0556 GMT May 25, 2019
Instead, new data suggested it could stick around for up to 30 years, researchers reported at a news conference at the American Geophysical Union’s fall meeting, according to sciencenews.org.
Studying the life and death of this island may provide clues to Mars’ wetter past.
The new island, informally dubbed Hunga Tonga‒Hunga Ha’apai, is part of the Tonga island chain.
Since January 2015, NASA satellites have tracked the island’s growth and erosion month-to-month.
James Garvin, chief scientist of NASA’s Goddard Space Flight Center in Greenbelt, Maryland, said, “Scientists are using those data to estimate its life span.”
In the first six months, waves rapidly eroded the volcanic tuff, hardened ash that forms the island’s central cone.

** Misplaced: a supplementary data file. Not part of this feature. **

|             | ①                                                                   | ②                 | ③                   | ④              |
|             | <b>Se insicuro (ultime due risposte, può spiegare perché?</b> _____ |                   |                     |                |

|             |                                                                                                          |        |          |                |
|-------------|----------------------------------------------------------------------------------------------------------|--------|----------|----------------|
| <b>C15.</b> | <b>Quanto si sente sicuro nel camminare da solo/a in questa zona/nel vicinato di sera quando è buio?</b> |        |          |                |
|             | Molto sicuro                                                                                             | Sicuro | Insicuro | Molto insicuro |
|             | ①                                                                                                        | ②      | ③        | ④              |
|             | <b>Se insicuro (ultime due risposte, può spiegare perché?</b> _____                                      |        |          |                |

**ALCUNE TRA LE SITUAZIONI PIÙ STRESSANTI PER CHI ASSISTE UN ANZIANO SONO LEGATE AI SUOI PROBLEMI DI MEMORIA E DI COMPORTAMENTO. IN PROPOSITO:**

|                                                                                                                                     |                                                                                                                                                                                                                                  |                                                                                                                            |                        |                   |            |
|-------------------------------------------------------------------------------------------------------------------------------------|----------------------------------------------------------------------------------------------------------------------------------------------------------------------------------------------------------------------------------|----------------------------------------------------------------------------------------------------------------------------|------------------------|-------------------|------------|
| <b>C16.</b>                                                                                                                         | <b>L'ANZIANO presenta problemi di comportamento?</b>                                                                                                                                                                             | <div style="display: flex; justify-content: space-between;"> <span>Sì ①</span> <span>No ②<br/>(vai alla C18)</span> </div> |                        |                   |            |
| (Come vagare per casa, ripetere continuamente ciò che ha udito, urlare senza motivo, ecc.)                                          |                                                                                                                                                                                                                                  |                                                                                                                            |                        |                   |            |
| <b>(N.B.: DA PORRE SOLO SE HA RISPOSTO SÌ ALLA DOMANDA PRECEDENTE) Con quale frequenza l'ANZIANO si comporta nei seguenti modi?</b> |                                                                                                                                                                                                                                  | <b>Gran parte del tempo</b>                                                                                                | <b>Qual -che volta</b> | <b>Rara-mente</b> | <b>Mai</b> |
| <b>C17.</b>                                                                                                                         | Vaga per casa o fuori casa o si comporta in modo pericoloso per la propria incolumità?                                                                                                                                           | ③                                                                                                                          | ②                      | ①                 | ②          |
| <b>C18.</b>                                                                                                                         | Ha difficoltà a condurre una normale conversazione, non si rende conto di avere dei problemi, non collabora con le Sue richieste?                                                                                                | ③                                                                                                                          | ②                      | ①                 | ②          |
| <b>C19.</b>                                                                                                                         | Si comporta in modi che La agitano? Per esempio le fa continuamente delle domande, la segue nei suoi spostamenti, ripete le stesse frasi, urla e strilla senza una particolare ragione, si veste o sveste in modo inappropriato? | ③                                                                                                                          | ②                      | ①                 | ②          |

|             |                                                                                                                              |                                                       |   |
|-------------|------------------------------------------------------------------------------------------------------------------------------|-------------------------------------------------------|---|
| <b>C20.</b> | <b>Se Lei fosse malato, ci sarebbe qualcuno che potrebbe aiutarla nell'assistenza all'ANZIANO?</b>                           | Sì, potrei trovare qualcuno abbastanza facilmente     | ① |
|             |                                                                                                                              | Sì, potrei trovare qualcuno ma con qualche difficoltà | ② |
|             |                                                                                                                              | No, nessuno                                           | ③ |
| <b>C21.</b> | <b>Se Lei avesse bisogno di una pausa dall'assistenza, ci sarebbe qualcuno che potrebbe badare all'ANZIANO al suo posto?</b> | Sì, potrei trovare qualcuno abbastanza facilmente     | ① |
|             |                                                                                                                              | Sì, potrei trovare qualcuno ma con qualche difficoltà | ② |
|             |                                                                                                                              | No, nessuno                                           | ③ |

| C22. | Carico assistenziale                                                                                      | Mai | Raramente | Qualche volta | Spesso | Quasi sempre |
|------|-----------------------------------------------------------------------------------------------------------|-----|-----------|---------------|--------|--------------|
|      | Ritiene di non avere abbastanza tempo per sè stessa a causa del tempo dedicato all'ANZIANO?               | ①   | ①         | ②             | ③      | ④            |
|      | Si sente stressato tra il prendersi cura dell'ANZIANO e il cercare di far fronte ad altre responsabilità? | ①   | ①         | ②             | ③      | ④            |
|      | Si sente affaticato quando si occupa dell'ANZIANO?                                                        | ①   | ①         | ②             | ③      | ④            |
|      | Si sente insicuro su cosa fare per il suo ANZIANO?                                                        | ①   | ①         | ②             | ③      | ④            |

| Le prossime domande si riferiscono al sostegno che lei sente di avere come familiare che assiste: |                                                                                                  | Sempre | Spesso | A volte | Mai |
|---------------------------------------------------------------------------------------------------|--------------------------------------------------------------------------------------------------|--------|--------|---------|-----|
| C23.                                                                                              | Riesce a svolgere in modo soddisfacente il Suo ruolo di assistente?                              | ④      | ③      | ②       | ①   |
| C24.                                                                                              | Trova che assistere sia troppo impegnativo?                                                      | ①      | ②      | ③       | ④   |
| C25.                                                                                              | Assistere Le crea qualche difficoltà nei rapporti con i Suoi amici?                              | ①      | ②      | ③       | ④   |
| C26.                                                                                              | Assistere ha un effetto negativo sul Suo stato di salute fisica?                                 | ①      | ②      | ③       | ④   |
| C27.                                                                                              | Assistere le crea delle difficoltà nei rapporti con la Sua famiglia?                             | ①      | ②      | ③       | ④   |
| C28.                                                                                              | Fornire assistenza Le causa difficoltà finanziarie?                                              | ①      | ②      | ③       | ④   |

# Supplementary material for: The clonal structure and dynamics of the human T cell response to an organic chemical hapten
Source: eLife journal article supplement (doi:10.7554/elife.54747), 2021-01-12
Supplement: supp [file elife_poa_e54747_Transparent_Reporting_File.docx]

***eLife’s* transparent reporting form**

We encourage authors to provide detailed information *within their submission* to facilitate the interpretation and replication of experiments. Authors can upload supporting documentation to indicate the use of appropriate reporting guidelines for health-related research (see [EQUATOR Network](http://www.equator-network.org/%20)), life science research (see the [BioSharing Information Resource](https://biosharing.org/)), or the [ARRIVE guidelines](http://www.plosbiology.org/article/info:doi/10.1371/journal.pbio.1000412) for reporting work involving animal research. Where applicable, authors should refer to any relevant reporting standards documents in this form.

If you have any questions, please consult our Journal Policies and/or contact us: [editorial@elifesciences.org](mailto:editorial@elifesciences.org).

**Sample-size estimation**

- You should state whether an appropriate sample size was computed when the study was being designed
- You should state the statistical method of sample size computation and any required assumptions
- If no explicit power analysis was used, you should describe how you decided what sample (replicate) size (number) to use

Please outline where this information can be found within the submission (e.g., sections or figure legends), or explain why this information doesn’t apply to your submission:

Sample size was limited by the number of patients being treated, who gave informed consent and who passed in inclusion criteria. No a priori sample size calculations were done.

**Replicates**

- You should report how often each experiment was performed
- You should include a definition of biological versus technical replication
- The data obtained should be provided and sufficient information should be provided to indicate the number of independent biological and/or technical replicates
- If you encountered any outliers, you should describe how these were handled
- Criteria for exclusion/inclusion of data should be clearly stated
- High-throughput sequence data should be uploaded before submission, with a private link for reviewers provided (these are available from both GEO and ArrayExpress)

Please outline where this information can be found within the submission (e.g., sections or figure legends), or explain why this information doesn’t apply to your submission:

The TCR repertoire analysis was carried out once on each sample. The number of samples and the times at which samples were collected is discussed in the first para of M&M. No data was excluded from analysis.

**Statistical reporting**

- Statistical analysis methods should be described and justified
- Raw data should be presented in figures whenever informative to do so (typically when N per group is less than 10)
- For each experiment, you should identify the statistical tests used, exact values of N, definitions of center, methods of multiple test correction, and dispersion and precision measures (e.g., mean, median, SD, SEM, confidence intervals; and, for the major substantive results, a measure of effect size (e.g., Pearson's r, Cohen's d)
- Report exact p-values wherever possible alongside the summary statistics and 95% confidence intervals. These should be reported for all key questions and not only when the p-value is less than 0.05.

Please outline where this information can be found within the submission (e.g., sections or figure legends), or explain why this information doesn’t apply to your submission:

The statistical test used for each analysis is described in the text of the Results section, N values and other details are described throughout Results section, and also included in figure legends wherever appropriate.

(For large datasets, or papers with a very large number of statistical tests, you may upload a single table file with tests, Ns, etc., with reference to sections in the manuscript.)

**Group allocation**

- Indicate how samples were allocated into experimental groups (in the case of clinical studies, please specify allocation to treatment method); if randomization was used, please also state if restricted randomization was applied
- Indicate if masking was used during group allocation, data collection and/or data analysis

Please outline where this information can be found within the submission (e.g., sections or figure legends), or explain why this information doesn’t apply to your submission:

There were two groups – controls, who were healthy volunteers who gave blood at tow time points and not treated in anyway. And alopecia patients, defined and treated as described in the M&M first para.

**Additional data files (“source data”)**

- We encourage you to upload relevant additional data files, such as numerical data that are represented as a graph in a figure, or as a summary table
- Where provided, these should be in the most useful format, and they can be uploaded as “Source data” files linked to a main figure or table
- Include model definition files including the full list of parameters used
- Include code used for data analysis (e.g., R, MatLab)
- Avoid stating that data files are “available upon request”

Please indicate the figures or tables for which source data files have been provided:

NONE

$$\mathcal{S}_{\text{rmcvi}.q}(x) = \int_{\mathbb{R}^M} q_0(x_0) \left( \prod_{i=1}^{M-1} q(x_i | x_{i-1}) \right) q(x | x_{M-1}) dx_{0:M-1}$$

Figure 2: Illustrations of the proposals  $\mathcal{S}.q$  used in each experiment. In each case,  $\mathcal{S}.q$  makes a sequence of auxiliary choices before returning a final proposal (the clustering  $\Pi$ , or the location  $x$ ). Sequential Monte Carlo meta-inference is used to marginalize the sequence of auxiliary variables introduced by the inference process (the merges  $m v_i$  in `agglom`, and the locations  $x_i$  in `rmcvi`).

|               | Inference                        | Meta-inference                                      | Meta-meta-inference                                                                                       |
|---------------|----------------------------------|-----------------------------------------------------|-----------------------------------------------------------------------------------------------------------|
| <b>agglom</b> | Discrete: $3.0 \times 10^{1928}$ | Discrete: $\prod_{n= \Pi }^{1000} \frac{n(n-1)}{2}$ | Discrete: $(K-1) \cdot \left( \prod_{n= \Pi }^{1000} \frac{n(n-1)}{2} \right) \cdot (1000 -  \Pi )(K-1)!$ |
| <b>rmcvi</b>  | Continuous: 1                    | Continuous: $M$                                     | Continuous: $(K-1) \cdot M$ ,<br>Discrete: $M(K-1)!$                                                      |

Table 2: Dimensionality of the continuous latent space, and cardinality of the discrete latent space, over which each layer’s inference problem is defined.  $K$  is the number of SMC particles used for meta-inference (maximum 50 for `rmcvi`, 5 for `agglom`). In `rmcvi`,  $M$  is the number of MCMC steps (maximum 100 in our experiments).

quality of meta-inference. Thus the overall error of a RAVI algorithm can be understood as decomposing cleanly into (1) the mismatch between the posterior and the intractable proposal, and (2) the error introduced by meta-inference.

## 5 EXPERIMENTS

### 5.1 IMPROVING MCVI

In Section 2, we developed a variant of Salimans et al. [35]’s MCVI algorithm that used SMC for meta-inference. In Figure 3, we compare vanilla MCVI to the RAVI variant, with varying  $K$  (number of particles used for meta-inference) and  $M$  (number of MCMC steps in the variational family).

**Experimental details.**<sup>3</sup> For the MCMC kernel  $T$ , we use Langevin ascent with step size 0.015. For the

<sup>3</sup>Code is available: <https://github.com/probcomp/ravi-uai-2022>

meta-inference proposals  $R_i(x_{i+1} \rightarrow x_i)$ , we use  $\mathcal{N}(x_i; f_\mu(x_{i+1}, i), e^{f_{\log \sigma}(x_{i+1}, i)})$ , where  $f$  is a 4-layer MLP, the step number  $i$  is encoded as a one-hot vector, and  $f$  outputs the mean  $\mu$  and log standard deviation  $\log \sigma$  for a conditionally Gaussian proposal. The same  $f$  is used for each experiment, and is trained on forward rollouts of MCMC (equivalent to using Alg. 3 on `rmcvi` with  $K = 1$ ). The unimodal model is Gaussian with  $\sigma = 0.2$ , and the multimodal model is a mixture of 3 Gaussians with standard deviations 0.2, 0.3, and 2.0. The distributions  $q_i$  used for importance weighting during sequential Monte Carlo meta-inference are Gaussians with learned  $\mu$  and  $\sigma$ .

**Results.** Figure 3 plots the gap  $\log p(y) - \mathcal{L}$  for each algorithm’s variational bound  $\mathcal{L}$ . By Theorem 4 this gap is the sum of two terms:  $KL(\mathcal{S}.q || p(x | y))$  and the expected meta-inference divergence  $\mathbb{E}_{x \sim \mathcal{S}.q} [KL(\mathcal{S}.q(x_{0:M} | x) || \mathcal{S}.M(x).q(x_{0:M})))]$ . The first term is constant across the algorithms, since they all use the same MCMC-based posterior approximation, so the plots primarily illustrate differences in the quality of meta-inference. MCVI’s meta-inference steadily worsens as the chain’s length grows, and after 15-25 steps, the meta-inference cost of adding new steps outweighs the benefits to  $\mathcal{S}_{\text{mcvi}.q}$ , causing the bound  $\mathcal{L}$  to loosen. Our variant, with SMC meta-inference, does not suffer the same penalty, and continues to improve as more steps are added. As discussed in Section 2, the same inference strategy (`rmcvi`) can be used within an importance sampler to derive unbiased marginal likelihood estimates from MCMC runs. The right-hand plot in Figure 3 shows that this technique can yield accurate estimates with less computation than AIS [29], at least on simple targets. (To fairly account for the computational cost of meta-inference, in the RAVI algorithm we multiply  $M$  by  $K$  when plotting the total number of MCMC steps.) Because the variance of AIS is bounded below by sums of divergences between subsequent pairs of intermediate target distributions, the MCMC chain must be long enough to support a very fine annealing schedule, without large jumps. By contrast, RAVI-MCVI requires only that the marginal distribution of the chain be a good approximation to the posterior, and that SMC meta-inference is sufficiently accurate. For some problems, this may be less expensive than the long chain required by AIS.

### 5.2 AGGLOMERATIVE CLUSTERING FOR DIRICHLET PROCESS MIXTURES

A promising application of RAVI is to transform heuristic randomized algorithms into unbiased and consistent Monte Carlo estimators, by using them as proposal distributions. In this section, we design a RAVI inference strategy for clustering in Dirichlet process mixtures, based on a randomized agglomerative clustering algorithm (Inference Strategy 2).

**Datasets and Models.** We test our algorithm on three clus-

Then that erosion slowed, and the island began to change shape as waves redistributed some of the eroded sediment to form a land bridge to a nearby island.
Researchers now give the island six to 30 years of life — after that, only the land bridge will remain.
Garvin said the island’s life cycle may help scientists better understand Mars’ past.
Finding similar erosion patterns on Mars’ volcanoes could help researchers understand whether the eruptions occurred in an ocean that’s now vanished.